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I want to know what is the best way to analyze a data set where my response variable is count data and my explanatory variables are continuous variables. All my variables are not normally distributed. Are GLMs a good option?

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They are. You may want to look at Poisson regression (in R: glm(..., family=poisson, ...)) or, if you have overdispersion, Negbin regression or, if you have "too many" zeros, ZIP regression (Zero-Inflated Poisson).

Whether the predictors are normally distributed does not matter. (Except for analyses of influential data points.) What you probably have in mind is whether residuals are normally distributed. This is an important assumption in Ordinary Least Squares - more specifically: for inference in OLS. However, your data are counts, so residuals will not be normal and you are not thinking about OLS, anyway.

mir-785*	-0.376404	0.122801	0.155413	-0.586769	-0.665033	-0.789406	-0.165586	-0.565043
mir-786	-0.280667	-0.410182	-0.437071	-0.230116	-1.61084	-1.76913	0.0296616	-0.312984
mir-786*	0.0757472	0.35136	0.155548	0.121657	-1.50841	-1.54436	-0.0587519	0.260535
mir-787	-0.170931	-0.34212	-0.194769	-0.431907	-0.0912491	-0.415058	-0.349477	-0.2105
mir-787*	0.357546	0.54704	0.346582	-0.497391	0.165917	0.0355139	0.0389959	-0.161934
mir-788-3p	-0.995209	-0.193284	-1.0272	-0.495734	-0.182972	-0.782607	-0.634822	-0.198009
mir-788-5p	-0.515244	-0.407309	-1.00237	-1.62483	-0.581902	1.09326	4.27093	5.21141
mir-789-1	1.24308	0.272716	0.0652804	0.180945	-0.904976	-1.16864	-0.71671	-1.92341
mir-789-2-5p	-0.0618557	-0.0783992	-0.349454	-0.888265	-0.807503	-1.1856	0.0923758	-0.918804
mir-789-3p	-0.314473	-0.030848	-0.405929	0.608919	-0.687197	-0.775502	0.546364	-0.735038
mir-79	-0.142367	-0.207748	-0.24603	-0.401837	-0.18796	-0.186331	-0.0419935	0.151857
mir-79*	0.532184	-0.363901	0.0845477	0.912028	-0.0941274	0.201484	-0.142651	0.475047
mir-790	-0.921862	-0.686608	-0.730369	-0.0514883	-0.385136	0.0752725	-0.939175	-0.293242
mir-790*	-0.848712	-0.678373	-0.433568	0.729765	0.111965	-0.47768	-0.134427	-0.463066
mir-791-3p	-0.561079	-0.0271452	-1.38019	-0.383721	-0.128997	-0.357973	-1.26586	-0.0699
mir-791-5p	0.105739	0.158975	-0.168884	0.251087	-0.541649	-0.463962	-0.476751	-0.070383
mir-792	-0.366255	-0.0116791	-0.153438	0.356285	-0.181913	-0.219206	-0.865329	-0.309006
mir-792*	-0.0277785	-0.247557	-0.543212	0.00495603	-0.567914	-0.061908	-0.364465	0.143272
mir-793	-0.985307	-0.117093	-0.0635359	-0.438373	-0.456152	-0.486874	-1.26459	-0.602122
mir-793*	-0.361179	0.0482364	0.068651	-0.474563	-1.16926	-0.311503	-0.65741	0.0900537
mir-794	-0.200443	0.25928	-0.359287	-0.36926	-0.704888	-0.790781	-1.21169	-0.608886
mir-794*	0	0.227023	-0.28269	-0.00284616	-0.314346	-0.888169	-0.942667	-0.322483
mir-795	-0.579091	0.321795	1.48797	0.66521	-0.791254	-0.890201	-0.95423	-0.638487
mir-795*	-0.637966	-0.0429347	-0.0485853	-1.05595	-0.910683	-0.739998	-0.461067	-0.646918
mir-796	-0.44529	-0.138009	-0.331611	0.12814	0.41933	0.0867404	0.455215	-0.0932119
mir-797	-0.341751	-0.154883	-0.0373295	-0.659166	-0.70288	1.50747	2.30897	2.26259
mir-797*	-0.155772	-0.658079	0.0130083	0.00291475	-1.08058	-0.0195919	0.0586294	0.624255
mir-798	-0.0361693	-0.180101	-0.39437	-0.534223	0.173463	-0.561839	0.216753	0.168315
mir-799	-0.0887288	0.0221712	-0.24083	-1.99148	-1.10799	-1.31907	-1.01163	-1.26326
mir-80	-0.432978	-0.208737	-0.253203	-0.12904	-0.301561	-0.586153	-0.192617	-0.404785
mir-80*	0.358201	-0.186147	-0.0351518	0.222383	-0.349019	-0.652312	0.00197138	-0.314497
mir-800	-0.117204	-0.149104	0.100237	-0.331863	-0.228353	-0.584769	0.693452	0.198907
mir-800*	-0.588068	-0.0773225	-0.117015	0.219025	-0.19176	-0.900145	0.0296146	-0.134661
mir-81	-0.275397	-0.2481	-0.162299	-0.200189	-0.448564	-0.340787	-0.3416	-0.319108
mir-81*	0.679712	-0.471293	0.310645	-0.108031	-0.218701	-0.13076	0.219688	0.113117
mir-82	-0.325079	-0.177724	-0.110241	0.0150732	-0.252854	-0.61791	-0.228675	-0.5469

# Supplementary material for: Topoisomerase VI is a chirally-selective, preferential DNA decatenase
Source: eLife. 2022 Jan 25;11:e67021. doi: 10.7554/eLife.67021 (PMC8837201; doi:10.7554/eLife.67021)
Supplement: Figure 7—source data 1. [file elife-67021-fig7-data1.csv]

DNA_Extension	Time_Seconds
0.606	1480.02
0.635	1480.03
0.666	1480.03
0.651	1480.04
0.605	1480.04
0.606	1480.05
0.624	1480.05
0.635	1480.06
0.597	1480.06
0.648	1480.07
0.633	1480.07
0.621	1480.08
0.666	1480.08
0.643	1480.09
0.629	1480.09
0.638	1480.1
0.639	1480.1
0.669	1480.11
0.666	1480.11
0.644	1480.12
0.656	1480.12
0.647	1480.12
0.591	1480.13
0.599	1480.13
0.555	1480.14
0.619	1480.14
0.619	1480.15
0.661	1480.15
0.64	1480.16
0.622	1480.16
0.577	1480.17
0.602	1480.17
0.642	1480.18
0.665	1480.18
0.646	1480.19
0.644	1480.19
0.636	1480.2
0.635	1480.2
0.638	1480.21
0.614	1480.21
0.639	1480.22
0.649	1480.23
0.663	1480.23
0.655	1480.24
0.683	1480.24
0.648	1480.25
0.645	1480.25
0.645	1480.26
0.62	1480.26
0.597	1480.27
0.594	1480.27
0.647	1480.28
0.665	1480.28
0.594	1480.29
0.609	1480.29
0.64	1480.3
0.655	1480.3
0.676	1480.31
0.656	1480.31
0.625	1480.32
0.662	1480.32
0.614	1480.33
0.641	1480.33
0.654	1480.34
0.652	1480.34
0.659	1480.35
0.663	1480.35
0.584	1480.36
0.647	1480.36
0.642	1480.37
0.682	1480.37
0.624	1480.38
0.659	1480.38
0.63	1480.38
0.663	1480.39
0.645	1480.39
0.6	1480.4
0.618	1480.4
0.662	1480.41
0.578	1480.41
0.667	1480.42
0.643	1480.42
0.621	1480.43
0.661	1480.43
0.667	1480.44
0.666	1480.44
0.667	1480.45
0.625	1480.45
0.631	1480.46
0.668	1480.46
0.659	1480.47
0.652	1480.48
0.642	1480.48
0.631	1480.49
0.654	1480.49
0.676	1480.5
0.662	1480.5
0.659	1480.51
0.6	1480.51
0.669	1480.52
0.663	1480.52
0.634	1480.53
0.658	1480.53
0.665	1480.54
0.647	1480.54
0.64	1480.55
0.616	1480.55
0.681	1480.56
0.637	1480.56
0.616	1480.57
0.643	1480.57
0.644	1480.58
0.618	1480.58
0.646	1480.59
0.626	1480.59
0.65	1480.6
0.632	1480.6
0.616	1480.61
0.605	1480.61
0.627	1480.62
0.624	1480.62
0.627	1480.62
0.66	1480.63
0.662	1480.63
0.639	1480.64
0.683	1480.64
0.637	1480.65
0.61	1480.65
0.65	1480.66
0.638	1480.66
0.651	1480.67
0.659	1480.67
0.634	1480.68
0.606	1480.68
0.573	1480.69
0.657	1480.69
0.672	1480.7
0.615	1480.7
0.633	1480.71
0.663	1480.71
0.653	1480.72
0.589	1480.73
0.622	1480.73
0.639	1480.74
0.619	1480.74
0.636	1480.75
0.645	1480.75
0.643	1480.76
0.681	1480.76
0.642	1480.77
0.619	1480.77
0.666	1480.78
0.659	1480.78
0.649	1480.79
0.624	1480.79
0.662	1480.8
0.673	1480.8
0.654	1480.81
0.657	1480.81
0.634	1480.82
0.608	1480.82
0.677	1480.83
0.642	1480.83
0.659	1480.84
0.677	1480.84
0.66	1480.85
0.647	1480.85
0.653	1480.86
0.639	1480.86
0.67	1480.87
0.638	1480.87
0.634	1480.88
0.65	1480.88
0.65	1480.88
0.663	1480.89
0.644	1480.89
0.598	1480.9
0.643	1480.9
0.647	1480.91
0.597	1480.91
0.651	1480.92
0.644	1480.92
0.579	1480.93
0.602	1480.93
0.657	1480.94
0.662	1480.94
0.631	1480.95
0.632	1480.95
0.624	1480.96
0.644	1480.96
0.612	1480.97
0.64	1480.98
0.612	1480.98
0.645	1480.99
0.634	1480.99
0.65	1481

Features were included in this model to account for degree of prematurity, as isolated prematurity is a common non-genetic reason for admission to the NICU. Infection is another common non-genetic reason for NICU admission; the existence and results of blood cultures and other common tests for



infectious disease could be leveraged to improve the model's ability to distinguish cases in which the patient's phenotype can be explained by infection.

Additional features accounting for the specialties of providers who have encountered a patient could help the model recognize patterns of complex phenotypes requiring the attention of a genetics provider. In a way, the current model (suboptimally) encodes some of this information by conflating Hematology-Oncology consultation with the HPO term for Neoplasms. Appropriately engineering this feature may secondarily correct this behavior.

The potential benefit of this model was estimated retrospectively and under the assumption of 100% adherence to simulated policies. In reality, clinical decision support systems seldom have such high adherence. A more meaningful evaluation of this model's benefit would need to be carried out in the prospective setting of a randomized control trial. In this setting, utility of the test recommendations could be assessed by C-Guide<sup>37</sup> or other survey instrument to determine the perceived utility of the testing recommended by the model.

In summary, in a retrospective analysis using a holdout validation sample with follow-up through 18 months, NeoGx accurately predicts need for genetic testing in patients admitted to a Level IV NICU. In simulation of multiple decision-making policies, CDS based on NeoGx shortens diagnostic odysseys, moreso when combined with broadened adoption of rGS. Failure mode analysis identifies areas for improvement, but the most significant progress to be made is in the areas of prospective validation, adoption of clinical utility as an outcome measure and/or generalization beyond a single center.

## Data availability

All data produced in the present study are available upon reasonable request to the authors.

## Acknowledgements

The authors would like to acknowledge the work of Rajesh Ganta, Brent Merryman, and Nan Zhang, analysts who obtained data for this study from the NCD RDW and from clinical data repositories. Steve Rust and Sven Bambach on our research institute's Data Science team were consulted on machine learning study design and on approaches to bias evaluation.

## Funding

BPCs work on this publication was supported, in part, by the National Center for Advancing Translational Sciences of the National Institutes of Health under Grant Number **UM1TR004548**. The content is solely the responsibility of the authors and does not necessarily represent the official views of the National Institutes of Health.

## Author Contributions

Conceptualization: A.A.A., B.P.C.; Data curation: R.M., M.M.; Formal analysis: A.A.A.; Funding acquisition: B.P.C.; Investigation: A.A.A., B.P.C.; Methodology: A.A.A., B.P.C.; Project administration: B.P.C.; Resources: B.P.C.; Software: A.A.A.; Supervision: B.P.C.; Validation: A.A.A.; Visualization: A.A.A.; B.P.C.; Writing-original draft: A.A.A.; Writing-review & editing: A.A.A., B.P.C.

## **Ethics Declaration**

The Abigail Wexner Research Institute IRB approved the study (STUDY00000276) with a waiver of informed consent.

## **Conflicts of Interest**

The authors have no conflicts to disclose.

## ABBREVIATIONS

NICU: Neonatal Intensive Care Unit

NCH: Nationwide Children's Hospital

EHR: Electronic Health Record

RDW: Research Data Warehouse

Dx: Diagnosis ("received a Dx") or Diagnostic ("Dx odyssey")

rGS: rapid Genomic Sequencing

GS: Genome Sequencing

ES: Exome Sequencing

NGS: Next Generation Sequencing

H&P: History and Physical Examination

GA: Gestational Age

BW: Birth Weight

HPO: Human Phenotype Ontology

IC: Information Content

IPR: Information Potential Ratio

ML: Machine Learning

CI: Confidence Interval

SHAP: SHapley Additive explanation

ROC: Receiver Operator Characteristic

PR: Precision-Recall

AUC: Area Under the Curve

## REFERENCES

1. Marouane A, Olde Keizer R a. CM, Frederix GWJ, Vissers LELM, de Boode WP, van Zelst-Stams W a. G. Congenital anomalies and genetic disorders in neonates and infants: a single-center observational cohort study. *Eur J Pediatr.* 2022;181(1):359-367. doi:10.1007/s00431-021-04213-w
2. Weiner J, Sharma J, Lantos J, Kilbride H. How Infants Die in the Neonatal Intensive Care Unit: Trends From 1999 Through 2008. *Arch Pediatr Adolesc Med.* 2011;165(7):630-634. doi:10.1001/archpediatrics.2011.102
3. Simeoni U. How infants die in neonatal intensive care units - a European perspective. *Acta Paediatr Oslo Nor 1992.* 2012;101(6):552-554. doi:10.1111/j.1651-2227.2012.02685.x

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it might be good to clarify your second paragraph so that it is clear it applies only to the post's idea about normality of variables. –  Peter Flom Jan 17 '13 at 19:45
    
@PeterFlom: good point, thanks! I edited my question. –  Stephan Kolassa Jan 17 '13 at 19:50
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For a non-normal GLM, the distribution of residuals do not matter, I have never heard that a Poisson GLM for example has to have normal errors. I think that examining overdispersion and general model fit are better cues to which model to use. Negative binomial can be implemented in glm.nb() in the R MASS library, and ZIP can be done using the zeroinfl() function in the pscl library in R

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"For a non-normal GLM, the distribution of residuals do not matter" - this statement is false, the distribution of residuals and thus the error structure is strictly defined by the GLM family: poisson, binomial, ... –  Curious Jan 17 '13 at 19:11
    
But it is not strictly normal –  Corey Sparks Jan 17 '13 at 19:38
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